Education

Set Plans

By Stacey Decker — June 25, 2007 1 min read

Jim Anderson, of Washington Teachers, reacts to an article from The Seattle Times that shows how standardized lessons, like those developed by committees in Bellevue, Wash., can inhibit learning. Bellevue Superintendent Mike Riley, who advocates for a nationally standardized curriculum, says an inconsistent curriculum is “at the heart of what’s wrong with education in America.” Riley modeled his managed curriculum, developed mostly by teachers, after this belief.

Anderson prefers the system at his old school, where standardized lessons reflected teacher and student autonomy. Most importantly, he says, change came from the bottom up.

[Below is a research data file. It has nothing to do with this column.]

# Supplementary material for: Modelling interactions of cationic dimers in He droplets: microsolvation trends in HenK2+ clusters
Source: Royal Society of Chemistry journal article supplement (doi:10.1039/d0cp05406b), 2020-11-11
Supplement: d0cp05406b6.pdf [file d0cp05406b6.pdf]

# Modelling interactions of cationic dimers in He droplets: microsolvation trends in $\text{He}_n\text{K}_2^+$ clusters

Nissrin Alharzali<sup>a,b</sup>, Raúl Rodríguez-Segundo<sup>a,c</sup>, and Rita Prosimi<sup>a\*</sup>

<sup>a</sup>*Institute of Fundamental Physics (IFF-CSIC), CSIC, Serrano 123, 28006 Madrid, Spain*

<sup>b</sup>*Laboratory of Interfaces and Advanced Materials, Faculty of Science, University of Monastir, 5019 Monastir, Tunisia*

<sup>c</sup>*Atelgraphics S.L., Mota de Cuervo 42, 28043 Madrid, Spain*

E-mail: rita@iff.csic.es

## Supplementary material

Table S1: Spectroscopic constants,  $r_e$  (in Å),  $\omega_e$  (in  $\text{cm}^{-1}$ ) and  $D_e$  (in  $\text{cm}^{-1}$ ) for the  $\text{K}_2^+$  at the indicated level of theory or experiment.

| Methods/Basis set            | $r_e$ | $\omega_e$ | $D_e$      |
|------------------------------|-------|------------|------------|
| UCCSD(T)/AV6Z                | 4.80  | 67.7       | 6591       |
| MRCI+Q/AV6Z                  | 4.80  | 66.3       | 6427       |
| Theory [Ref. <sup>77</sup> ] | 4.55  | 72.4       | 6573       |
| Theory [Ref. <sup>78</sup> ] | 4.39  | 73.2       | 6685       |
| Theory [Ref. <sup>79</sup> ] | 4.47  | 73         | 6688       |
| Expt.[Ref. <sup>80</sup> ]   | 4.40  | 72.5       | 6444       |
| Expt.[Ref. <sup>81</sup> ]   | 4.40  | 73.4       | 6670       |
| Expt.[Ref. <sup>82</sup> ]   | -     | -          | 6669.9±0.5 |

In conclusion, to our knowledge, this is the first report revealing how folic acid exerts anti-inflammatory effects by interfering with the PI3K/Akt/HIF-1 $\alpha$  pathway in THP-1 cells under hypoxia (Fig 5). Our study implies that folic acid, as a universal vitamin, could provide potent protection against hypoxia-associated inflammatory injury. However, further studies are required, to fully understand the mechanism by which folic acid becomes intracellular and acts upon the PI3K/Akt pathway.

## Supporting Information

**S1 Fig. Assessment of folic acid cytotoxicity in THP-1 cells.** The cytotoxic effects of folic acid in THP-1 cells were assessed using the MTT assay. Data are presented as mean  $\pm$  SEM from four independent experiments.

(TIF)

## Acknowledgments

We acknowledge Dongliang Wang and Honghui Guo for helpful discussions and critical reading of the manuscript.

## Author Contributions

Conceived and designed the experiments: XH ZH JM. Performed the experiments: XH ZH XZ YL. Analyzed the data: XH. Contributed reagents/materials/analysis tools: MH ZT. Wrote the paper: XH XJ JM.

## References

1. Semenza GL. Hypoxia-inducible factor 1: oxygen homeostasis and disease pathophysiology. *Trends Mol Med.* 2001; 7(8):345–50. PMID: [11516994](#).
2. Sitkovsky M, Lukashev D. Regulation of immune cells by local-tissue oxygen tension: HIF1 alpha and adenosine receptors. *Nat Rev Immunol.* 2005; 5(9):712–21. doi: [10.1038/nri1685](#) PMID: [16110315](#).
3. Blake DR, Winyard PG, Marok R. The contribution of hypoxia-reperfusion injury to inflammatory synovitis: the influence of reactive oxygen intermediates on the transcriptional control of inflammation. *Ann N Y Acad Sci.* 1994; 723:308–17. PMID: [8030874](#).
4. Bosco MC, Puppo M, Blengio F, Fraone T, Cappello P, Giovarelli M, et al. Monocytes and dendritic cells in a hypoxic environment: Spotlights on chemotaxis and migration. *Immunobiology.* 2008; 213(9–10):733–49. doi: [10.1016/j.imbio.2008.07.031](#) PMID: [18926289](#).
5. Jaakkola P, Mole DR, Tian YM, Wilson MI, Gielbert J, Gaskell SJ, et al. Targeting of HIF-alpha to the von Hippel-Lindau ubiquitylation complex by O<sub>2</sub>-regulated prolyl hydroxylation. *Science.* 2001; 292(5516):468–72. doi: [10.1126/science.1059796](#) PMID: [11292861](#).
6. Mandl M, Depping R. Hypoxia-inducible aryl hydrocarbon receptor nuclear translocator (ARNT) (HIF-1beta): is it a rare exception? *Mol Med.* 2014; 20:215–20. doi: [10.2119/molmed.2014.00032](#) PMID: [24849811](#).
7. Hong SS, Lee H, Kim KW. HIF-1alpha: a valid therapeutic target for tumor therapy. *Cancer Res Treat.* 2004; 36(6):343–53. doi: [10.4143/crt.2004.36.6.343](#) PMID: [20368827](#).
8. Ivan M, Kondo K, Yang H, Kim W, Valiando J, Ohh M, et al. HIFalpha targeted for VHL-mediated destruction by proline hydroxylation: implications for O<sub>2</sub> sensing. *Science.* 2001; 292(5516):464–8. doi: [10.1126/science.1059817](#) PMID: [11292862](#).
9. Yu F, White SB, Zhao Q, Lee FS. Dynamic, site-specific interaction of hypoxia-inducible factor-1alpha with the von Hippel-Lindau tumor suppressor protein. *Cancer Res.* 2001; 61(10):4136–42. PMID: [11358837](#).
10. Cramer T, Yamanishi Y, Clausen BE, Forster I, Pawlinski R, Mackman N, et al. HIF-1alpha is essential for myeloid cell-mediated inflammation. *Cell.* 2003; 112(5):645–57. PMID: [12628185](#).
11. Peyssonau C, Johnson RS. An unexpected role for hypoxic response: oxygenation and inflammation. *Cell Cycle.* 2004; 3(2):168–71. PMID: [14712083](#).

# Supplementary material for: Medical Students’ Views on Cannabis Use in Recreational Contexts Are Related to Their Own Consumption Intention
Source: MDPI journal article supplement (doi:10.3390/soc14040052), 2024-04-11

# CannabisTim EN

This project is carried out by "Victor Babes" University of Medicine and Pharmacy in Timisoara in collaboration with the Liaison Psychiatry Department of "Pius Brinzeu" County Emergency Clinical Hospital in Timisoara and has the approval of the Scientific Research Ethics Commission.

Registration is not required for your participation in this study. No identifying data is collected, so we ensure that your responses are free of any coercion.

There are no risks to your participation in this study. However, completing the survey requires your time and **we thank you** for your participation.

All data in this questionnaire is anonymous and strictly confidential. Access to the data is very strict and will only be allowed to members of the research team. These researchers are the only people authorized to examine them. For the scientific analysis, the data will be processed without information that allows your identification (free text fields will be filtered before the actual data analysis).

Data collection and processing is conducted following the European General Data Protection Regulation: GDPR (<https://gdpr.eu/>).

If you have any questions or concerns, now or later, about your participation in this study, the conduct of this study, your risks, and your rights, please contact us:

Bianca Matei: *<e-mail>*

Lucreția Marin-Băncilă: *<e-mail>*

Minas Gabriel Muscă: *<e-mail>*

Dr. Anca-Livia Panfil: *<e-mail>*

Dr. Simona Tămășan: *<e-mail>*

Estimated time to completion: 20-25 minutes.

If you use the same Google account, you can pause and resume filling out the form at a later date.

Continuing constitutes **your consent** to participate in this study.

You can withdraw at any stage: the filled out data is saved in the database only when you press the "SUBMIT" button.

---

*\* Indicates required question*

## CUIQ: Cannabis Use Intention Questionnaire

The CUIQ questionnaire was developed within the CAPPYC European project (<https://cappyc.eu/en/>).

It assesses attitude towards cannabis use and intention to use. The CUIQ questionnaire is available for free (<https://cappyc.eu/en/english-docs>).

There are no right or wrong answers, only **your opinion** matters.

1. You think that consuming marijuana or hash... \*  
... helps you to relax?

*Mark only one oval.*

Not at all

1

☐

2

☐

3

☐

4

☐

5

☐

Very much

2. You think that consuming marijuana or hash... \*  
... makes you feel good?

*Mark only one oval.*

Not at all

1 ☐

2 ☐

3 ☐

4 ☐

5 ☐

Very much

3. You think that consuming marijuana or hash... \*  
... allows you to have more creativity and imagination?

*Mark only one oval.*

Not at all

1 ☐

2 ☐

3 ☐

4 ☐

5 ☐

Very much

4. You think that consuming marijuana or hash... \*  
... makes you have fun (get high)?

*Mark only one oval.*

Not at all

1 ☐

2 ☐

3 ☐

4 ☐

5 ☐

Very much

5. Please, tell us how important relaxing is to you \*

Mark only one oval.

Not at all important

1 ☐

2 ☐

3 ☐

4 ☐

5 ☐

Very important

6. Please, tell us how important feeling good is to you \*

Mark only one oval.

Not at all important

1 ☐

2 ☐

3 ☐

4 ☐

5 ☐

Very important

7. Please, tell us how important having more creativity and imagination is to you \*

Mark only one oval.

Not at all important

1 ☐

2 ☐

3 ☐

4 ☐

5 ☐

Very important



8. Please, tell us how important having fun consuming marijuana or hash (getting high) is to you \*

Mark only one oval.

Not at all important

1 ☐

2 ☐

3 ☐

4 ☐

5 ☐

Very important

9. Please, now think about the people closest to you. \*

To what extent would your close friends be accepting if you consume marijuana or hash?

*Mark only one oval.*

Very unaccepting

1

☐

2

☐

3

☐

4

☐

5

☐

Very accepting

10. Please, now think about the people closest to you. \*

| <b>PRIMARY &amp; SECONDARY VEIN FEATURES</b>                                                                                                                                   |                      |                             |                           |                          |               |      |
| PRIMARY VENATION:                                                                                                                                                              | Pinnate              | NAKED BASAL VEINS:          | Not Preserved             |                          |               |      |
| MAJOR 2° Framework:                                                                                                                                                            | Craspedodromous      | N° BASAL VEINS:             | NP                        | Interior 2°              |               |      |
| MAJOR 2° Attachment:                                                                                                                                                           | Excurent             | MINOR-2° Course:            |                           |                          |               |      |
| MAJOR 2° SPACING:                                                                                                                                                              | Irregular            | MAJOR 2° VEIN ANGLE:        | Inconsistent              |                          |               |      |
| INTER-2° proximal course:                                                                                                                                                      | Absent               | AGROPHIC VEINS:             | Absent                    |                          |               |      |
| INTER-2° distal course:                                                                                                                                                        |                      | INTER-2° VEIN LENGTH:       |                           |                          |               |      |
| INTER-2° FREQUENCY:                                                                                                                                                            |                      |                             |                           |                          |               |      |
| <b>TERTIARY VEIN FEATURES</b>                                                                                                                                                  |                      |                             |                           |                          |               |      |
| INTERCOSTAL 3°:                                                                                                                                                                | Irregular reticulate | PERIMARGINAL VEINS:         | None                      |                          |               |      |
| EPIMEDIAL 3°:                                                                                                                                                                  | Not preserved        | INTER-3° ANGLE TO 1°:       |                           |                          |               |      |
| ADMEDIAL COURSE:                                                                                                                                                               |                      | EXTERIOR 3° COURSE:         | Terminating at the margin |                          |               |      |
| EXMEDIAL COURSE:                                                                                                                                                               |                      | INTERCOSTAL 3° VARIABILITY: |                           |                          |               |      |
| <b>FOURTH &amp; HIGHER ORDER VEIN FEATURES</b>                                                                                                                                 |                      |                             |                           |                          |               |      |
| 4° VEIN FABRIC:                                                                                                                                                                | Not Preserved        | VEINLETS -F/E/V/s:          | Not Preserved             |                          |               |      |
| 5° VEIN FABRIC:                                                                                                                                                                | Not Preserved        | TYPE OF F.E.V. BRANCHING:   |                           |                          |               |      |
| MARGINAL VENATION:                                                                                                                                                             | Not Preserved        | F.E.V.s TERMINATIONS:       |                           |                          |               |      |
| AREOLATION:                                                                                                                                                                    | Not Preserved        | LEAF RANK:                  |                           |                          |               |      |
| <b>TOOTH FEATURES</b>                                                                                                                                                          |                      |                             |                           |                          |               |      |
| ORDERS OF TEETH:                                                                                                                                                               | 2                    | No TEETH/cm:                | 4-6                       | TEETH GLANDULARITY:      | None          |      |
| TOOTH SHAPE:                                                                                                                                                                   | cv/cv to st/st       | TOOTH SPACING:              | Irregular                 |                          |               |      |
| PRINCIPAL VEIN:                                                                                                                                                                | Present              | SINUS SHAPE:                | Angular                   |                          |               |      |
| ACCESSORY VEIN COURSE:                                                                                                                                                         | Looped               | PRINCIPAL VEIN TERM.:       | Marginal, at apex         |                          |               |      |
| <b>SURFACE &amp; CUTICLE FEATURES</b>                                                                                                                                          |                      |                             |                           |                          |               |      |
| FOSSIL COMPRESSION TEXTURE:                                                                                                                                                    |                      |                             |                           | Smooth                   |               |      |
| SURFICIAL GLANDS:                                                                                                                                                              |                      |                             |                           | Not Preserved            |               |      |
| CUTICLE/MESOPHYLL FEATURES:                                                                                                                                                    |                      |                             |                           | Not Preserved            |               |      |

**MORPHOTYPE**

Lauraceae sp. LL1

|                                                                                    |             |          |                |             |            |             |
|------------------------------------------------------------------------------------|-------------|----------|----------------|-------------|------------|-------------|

We saw that certain students weren't being reached by a one-book-fits-all structure, and so we worked for months to revamp our curriculum. No principal, superintendent, or government flack breathed down our necks. Instead, we worked as professionals, and the result was impressive: student engagement, teacher confidence, and even district recognition.
Standardization, to a degree, has its benefits. The trick is finding the right degree—and teachers have to lead the way.

A version of this news article first appeared in the Blogboard blog.